Stop losing students before classes even begin

Financial surprises can reverse a first-generation student's decision to enroll

Financial surprises and other barriers can prevent incoming students from ever starting school.

For example, data from the National Center for Education Statistics show that community colleges lose 56% of all applicants before the first day of class, according to Melinda Salaman, a director of strategic research at EAB.

"Unfortunately, a very small percent of those lost applicants enroll at another college or university, essentially squashing their dreams of higher education before they even begin," Salaman says.

Houston Baptist University (HBU) noticed signs that students were struggling with financial aid paperwork and all the other tasks needed to start each semester, says James Steen, VP of enrollment management. Around 41% of HBU's incoming students identify as Hispanic and many students are also first-generation.

Project Day One, as HBU calls it, aims to ensure that students start off each semester on the right foot. HBU provides extra support for not only financial aid requirements but also course registration and other kinds of paperwork.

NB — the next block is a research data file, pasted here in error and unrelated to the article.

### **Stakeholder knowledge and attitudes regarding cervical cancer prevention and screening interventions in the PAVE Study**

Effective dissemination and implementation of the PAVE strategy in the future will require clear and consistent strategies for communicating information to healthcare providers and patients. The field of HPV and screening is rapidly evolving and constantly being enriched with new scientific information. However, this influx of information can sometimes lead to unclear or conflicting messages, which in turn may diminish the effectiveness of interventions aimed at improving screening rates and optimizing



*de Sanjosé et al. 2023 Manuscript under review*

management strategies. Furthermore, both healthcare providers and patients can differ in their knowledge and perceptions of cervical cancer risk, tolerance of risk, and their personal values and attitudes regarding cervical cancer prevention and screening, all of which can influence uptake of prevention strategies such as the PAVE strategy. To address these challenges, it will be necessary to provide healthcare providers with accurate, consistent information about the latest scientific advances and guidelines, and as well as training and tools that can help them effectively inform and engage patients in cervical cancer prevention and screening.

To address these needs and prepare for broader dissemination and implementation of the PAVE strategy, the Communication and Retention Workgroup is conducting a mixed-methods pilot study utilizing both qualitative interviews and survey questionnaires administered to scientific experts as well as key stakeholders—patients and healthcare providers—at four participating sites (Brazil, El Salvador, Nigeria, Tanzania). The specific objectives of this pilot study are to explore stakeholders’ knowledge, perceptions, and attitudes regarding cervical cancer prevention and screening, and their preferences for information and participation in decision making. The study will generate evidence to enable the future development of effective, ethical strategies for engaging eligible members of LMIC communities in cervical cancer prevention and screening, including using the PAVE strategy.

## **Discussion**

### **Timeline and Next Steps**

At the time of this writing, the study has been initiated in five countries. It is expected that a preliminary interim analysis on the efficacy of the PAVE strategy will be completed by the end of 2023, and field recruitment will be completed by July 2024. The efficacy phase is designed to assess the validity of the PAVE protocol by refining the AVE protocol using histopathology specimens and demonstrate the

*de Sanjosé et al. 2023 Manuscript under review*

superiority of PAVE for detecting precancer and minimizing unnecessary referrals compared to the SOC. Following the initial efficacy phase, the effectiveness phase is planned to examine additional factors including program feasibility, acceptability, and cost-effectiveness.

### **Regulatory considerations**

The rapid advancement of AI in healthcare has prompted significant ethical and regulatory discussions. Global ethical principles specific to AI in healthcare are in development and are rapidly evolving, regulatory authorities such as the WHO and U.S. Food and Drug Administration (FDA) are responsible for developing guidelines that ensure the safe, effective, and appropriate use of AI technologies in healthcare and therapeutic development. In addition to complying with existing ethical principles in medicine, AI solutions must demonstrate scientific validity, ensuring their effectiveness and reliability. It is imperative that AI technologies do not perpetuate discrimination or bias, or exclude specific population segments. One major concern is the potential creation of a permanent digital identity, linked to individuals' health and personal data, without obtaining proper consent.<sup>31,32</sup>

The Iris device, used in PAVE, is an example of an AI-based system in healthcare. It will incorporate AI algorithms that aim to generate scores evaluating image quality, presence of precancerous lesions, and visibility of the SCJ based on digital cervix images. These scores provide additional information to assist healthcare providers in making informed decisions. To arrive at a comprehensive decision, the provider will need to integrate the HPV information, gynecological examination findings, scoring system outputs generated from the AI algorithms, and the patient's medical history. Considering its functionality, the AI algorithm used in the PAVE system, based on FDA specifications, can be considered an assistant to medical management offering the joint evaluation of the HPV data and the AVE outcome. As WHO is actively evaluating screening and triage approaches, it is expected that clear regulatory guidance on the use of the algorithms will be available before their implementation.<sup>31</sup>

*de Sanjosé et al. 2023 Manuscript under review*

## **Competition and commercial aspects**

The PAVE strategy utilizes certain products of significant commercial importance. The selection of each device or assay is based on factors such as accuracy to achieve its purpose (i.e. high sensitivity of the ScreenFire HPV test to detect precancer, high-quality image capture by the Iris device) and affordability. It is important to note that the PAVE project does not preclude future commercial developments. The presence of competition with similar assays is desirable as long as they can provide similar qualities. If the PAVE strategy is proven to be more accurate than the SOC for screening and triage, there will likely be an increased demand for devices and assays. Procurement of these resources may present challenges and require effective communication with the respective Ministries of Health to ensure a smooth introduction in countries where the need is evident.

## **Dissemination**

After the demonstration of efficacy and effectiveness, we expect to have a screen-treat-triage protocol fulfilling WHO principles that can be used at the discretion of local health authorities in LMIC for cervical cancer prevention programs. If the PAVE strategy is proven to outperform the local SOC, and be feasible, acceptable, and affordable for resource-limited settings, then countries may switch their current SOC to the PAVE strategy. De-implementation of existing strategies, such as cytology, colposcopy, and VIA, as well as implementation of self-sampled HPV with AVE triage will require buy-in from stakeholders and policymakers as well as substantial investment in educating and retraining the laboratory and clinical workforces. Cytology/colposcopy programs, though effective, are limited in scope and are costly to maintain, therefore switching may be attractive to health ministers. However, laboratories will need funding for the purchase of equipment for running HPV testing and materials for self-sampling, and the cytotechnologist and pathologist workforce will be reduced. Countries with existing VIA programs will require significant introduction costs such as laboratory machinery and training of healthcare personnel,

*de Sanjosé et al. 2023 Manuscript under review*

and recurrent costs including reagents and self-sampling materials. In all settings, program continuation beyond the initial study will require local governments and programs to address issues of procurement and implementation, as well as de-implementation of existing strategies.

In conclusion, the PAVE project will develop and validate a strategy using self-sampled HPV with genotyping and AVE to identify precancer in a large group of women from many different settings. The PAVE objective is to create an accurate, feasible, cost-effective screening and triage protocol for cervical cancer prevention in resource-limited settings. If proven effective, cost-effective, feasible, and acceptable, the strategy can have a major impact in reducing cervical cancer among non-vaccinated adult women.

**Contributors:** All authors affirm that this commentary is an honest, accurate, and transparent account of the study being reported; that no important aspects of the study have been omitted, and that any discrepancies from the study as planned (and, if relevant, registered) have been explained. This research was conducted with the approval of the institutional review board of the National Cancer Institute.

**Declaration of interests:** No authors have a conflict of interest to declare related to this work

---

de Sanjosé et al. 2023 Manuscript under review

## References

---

A big part of Project Day One is communication. First-generation students don't have mentors at home who can guide them through the enrollment process, so extra nudges from their school are a big help.

For example, some students were unprepared for what would be expected of them financially in college, so HBU adopted a mobile app to help students track their financial aid steps.

"We know more than 95% of students have a smartphone in their pocket," says James Steen, VP of enrollment management at HBU. "So we had to figure out a way to get to them."

The extra communication also helps HBU officials identify students who could benefit from small amounts of additional financial aid.

"We've seen some nice increase in retention, and a lot of it stems from the fact that students are more aware of the process," Steen says of Project Day One (Smith, Inside Higher Education, 1/24).

Addressing enrollment barriers yielded one school $70,000 in tuition revenue


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"No men allowed"—the rise of female-only engineering dorms

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